One day a lemming will fly

I do wonder how different the world would be today if Bernie Sanders had become President instead of Donald Trump. It would certainly be a lot better for millions of poor American voters who, instead of voting for higher taxes on the wealthy and more wealth distribution, voted for the complete opposite. Strangely though, if given the opportunity again today, most of them would vote the same way as they did in 2016.

Stuff like this gives economists a headache. It’s much easier to base economic models on the idea that people behave in ways that make them better off, as opposed to looking for ways to shoot themselves in the foot.

Although tricky, it’s important for us to accept that people do behave like this and it’s also important to think about what we can do about it. So, since I have you ear, I’ll give it a go.

Deep down, Bernie knew he wouldn’t win. Of course he believed his policies would benefit more voters than the policies of Donald or Hillary but still, he knew he wouldn’t win. The USA is very right-wing country and there are a huge number of well-funded, well-organised lobby groups that exist to keep it that way. In the context of American politics, Bernie’s policies were extreme and he would have known that convincing a sufficient number of voters of such a radical change in direction would likely be impossible.

So was it a waste of time? Absolutely not. Bernie ended up doing extremely well in the circumstances and while he failed to win the nomination, he did achieve something else – he made it a little bit easier for the next Bernie. His achievement was to chip away marginally at the status quo. The next Bernie won’t win either but next time around, the same policies will be a little more mainstream. One Bernie alone won’t bring policies of equality to the United States. You need a lot of them. The first few will fail, perhaps the first many will fail. Eventually one will succeed.

The problem, of course, isn’t in finding people who agree with the policies – they weren’t really that extreme. The problem is finding people who have the guts to be the first ones over the cliff, knowing that their chances of being the first successful Bernie are slim at best.

Anyway, the Brexit mess is still rolling down the hill, like a giant snowball of poop, and a lot of people have been asking me if I am in favour of a People’s Vote. It’s essentially a second referendum in which the voters, this time around, would have the added benefit of knowing the actual alternative they could vote for.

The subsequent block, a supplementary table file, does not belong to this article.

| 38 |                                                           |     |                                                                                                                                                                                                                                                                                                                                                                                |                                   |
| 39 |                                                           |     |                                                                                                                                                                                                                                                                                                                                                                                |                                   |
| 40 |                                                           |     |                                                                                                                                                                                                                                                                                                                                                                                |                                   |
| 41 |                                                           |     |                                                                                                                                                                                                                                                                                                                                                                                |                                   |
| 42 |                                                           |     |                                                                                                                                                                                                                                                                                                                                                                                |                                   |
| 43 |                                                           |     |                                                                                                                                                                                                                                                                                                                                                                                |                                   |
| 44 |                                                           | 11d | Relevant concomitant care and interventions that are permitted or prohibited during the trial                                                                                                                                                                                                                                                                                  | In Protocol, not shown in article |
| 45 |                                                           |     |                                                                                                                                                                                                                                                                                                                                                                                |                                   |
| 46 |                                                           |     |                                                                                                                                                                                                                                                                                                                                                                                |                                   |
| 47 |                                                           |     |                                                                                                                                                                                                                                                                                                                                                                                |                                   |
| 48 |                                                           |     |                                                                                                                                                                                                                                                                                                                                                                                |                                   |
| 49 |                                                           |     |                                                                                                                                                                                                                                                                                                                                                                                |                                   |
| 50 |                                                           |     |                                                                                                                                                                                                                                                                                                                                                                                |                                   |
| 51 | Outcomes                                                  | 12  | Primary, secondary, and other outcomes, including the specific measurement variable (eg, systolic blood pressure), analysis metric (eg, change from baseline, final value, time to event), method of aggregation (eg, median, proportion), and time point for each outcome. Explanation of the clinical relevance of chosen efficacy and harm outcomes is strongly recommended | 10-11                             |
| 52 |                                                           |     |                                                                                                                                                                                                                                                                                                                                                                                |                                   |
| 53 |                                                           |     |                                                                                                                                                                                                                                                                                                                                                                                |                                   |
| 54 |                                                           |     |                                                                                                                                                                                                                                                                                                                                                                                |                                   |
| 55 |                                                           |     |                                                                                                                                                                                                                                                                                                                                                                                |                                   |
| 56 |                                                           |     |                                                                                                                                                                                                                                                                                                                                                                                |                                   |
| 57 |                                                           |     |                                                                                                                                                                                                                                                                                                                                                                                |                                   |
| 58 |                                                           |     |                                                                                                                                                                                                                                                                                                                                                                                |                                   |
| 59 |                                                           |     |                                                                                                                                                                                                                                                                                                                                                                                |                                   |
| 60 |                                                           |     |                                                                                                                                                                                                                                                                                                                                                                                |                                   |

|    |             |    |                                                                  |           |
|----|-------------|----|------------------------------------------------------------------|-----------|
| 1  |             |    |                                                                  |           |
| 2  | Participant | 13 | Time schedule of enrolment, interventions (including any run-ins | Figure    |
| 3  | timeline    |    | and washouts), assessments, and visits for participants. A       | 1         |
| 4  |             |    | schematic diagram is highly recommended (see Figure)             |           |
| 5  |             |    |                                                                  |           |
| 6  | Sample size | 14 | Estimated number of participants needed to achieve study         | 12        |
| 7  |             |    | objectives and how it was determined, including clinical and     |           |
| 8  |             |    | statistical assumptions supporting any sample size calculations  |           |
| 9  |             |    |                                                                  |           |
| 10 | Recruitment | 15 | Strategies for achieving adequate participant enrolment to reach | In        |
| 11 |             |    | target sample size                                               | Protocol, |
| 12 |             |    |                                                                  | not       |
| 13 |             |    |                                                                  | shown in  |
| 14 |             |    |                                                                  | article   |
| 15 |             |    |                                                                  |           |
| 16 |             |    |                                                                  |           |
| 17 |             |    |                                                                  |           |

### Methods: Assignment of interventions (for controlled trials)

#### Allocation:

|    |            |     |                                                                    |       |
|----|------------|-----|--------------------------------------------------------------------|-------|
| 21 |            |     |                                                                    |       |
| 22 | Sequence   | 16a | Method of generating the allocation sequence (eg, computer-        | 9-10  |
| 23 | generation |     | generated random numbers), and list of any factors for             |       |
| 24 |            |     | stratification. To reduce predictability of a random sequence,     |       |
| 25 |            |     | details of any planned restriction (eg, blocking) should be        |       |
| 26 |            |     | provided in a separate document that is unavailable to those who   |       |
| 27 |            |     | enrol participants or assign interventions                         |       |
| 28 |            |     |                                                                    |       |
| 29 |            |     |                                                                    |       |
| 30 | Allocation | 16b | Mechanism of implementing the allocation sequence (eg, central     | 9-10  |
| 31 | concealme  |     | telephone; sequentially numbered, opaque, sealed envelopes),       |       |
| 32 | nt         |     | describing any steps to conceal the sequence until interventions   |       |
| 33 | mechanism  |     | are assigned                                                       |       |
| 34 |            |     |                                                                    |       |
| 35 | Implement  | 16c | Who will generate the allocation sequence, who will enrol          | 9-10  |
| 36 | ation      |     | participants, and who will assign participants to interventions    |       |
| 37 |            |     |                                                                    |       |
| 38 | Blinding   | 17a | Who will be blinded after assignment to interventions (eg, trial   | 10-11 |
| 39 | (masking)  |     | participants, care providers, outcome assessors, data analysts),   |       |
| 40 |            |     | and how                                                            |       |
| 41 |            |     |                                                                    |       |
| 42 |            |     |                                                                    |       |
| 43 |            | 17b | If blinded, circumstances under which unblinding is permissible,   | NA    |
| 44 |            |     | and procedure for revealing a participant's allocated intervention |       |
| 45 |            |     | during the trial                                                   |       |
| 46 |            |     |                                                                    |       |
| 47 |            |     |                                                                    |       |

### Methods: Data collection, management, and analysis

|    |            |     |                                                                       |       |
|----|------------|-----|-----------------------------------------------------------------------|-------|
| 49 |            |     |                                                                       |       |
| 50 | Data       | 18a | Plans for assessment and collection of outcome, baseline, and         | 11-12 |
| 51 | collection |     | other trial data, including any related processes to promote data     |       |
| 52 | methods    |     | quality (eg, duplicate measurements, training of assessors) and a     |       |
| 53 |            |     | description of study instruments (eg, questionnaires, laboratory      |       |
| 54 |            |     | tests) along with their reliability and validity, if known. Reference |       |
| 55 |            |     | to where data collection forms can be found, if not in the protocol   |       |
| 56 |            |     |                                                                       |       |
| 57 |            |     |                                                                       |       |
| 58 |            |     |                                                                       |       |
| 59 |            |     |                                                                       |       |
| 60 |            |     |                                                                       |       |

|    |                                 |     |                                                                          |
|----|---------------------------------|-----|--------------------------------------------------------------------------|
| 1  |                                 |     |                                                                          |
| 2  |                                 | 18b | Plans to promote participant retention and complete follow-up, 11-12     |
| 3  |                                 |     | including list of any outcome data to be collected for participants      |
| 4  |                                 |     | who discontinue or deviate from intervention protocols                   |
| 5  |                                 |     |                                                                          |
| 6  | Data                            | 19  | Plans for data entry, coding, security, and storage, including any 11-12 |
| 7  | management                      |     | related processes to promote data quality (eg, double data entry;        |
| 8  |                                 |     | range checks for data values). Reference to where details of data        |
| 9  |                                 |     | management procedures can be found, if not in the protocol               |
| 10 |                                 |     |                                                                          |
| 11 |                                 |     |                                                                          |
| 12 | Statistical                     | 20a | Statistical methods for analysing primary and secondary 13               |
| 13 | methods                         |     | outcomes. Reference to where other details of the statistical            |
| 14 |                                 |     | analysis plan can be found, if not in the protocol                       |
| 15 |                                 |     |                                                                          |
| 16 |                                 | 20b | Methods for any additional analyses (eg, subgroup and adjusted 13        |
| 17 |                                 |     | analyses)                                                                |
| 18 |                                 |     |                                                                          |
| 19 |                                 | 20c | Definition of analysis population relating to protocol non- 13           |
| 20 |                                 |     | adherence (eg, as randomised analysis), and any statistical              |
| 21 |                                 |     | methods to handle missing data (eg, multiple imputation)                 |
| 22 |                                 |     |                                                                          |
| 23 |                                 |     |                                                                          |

To be honest, I struggle to have enthusiasm for it.

What should be abundantly clear to everyone by this point, is that there is no good alternative to EU membership. The possible outcomes if we leave the EU are a shitty deal that leaves everyone worse off, or no deal at all, which leaves everyone even worse off than that.

Given those options or a People’s Vote, then yes, I’d rather have the vote. Let’s roll the dice again – it can’t be any worse. We would, however, get a few months of Boris, Gove, Rees-Mogg, The Daily Mail, The Sun and the rest of them, in full bullshit propaganda mode. Add into that a fallacy of the human brain – people are very bad at admitting when they were wrong – and we will end up having another uninformed vote.

It’s not inconceivable to think that such a campaign could result in people voting for no deal at all and us ending up worse off than if, after the first vote, we’d just called, “Stick”.

What’s my alternative suggestion? Thank you for asking – it’s very simple but we will need some help from our politicians.

Our politicians have to have the guts to stand up and say something like this:

We have taken on board the result of the referendum. We have spent two years working on it, trying to find out how we could make this work for the country.

The result is, that it doesn’t. Deal or no deal, there is no way to enact departure from the EU without causing significant hurt to the economy and citizens of the country.

We looked at it – for two years, we really did look very hard at it. But it’s a bad idea and we’re not doing it.

One MP doing this alone won’t make a difference – we’re going to need a bunch of them. If they take this position in sufficient numbers then we have an opportunity to avoid an utterly unnecessary catastrophe.

The problem, of course, isn’t in finding people who agree with remaining – the majority of MPs were in favour of that to begin with.

The problem is finding politicians who have the guts to be the first ones over the cliff.

RedEaredRabbit

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